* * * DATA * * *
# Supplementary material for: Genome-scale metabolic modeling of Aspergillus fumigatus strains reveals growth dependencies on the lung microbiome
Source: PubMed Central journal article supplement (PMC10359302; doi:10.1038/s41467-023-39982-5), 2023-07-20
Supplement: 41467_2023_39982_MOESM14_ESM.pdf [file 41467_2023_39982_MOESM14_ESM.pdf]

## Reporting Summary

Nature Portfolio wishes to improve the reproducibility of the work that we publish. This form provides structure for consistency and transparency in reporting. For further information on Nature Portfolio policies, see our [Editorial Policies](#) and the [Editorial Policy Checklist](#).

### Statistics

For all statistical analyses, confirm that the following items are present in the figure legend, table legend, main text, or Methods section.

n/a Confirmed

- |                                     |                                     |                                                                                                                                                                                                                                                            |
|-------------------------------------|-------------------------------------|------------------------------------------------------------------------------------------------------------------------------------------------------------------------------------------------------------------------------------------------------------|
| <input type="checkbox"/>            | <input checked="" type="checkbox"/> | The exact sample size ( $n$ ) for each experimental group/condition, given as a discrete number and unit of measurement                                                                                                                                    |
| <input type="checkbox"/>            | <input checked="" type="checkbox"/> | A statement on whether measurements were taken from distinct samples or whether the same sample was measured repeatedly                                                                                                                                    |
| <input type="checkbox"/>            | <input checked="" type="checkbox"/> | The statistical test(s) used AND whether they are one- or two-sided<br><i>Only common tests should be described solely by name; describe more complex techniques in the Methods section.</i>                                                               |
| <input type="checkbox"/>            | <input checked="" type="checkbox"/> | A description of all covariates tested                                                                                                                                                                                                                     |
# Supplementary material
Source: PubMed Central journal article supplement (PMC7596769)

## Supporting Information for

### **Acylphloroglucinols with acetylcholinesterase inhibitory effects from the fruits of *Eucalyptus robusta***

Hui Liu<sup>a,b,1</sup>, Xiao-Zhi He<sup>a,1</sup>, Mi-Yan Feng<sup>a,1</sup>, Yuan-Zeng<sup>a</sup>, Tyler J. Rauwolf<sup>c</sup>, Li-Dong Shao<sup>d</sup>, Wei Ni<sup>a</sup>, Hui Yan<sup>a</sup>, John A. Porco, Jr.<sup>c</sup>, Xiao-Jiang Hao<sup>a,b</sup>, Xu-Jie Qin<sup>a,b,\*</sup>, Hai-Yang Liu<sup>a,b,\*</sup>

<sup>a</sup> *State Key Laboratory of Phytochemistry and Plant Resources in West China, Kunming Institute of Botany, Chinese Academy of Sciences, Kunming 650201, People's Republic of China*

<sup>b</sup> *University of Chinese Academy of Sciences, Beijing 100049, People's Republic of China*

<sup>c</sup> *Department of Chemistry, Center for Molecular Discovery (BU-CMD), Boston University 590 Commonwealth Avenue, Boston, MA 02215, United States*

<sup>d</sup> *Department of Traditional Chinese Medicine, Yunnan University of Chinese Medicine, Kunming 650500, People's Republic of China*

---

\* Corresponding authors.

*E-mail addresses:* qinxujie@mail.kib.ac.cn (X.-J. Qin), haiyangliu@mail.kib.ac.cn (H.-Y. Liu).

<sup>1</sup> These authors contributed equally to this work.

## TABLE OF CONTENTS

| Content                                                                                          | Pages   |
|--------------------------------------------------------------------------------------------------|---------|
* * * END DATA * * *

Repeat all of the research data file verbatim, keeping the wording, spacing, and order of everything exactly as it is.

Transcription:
# Supplementary material for: Genome-scale metabolic modeling of Aspergillus fumigatus strains reveals growth dependencies on the lung microbiome
Source: PubMed Central journal article supplement (PMC10359302; doi:10.1038/s41467-023-39982-5), 2023-07-20
Supplement: 41467_2023_39982_MOESM14_ESM.pdf [file 41467_2023_39982_MOESM14_ESM.pdf]

## Reporting Summary

Nature Portfolio wishes to improve the reproducibility of the work that we publish. This form provides structure for consistency and transparency in reporting. For further information on Nature Portfolio policies, see our [Editorial Policies](#) and the [Editorial Policy Checklist](#).

### Statistics

For all statistical analyses, confirm that the following items are present in the figure legend, table legend, main text, or Methods section.

n/a Confirmed

- |                                     |                                     |                                                                                                                                                                                                                                                            |
|-------------------------------------|-------------------------------------|------------------------------------------------------------------------------------------------------------------------------------------------------------------------------------------------------------------------------------------------------------|
| <input type="checkbox"/>            | <input checked="" type="checkbox"/> | The exact sample size ( $n$ ) for each experimental group/condition, given as a discrete number and unit of measurement                                                                                                                                    |
| <input type="checkbox"/>            | <input checked="" type="checkbox"/> | A statement on whether measurements were taken from distinct samples or whether the same sample was measured repeatedly                                                                                                                                    |
| <input type="checkbox"/>            | <input checked="" type="checkbox"/> | The statistical test(s) used AND whether they are one- or two-sided<br><i>Only common tests should be described solely by name; describe more complex techniques in the Methods section.</i>                                                               |
| <input type="checkbox"/>            | <input checked="" type="checkbox"/> | A description of all covariates tested                                                                                                                                                                                                                     |
# Supplementary material
Source: PubMed Central journal article supplement (PMC7596769)

## Supporting Information for

### **Acylphloroglucinols with acetylcholinesterase inhibitory effects from the fruits of *Eucalyptus robusta***

Hui Liu<sup>a,b,1</sup>, Xiao-Zhi He<sup>a,1</sup>, Mi-Yan Feng<sup>a,1</sup>, Yuan-Zeng<sup>a</sup>, Tyler J. Rauwolf<sup>c</sup>, Li-Dong Shao<sup>d</sup>, Wei Ni<sup>a</sup>, Hui Yan<sup>a</sup>, John A. Porco, Jr.<sup>c</sup>, Xiao-Jiang Hao<sup>a,b</sup>, Xu-Jie Qin<sup>a,b,\*</sup>, Hai-Yang Liu<sup>a,b,\*</sup>

<sup>a</sup> *State Key Laboratory of Phytochemistry and Plant Resources in West China, Kunming Institute of Botany, Chinese Academy of Sciences, Kunming 650201, People's Republic of China*

<sup>b</sup> *University of Chinese Academy of Sciences, Beijing 100049, People's Republic of China*

<sup>c</sup> *Department of Chemistry, Center for Molecular Discovery (BU-CMD), Boston University 590 Commonwealth Avenue, Boston, MA 02215, United States*

<sup>d</sup> *Department of Traditional Chinese Medicine, Yunnan University of Chinese Medicine, Kunming 650500, People's Republic of China*

---

\* Corresponding authors.

*E-mail addresses:* qinxujie@mail.kib.ac.cn (X.-J. Qin), haiyangliu@mail.kib.ac.cn (H.-Y. Liu).

<sup>1</sup> These authors contributed equally to this work.

## TABLE OF CONTENTS

| Content                                                                                          | Pages   |
|--------------------------------------------------------------------------------------------------|---------|